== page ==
I’ve wanted to draw comics all my life, really. The first comics I can remember drawing where more like magazines than comics, though. Put together using carbon paper (remember that? no? you’re too young – here’s a wikipedia article on it) when I was about 8 or 9, usually featuring puzzles and drawings.
When I was 15/16, and wanted to draw comics, information was so scarce on the ground, I had no real idea of how to do it. So I assumed (incorrectly) that comic artists drew everything in a panel, and then cut them out of paper and overlapped them, one on top of the other, to build a scene (it didn’t occur to me that you pencilled and inked and drew through things if needed). It was an intensely laborious process.
Age 18/19 I had met John McCrea and started drawing again, and drew my first proper comic strip.
The whole while though, from age 14 I was working in computers.
People who knew me from my life away from comics know / knew I wanted to draw comics, but I never appeared to pursue it. (Well, pre-interenet, it wasn’t immediately obvious how you pursued it – leading to many many wrong turns).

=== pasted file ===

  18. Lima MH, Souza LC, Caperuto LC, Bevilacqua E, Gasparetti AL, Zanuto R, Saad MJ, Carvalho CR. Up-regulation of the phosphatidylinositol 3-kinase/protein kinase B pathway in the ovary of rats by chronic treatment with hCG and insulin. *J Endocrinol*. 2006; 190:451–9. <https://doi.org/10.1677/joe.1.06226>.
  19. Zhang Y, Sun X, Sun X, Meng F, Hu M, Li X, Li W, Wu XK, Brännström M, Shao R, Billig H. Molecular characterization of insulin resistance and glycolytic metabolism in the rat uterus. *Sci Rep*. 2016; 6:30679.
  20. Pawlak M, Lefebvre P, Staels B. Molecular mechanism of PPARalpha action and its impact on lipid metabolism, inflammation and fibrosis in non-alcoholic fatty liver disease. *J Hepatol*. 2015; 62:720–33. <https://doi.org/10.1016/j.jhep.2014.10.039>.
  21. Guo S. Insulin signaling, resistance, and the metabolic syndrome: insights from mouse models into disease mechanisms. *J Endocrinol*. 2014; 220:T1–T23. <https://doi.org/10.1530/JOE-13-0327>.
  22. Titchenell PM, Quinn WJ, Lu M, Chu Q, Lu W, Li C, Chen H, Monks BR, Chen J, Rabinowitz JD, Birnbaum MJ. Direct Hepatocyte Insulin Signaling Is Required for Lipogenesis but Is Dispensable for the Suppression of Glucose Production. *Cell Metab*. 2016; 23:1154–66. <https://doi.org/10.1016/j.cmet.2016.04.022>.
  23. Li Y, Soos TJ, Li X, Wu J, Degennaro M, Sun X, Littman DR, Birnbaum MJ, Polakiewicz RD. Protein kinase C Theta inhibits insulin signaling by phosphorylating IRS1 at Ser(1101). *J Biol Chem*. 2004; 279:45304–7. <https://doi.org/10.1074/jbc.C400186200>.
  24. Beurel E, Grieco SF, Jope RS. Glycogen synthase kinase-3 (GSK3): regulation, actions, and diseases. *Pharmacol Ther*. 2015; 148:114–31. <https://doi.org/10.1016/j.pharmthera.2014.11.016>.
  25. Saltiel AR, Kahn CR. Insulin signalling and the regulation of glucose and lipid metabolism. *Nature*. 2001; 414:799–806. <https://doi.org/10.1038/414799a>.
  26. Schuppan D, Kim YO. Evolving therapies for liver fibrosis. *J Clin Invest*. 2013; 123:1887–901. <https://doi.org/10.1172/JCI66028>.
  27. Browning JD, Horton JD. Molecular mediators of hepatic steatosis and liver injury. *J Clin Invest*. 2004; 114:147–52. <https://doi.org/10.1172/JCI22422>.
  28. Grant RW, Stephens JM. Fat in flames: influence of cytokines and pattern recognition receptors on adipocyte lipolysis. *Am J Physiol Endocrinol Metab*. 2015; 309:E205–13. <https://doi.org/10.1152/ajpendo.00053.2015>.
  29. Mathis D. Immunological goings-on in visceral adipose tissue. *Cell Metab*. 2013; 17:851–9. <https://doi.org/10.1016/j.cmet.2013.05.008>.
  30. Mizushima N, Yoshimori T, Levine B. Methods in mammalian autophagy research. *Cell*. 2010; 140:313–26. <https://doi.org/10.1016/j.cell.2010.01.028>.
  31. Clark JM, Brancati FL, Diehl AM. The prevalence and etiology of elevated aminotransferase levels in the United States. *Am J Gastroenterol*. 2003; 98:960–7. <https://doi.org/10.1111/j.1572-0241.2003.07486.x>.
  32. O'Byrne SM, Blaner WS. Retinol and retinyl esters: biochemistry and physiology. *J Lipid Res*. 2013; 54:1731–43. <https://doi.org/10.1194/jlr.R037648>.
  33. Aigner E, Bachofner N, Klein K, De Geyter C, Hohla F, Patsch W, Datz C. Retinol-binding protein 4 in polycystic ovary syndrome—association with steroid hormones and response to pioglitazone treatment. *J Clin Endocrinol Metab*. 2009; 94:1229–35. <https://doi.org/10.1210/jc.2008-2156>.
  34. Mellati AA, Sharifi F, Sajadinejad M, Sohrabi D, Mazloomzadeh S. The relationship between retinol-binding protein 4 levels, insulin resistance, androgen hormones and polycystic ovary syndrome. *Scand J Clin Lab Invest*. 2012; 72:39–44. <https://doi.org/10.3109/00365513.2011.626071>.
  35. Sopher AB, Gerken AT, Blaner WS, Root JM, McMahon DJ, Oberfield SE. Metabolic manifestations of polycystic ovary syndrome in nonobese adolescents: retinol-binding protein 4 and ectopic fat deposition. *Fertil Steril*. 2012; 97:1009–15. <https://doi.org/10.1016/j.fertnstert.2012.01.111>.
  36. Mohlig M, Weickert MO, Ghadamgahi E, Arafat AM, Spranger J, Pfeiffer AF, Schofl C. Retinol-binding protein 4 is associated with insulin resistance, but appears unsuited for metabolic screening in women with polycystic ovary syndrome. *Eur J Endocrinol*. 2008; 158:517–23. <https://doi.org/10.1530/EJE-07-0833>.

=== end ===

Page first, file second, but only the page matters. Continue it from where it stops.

So now, I’ve been drawing comics professionally for 3 years and I’m into the happily ever after part of the ‘dream job’ gig.
And it’s bloody hard. No-one really prepares you for that.
Your focus is so concentrated on that magical moment of breaking in, that you’re ill prepared for the idea that, now you’ve broken in, you’ve got to a) find work, b) find time to do the work, c) make sure you can eat, etc. In the job that doesn’t pay particularly well.
I will occasionally talk to people who say “oh wow, you’ve always wanted to do this, you’re living the dream man!”.
And, it’s true, to an extent I am.
But it’s a job, and, to be honest, it’s the hardest job I’ve ever had.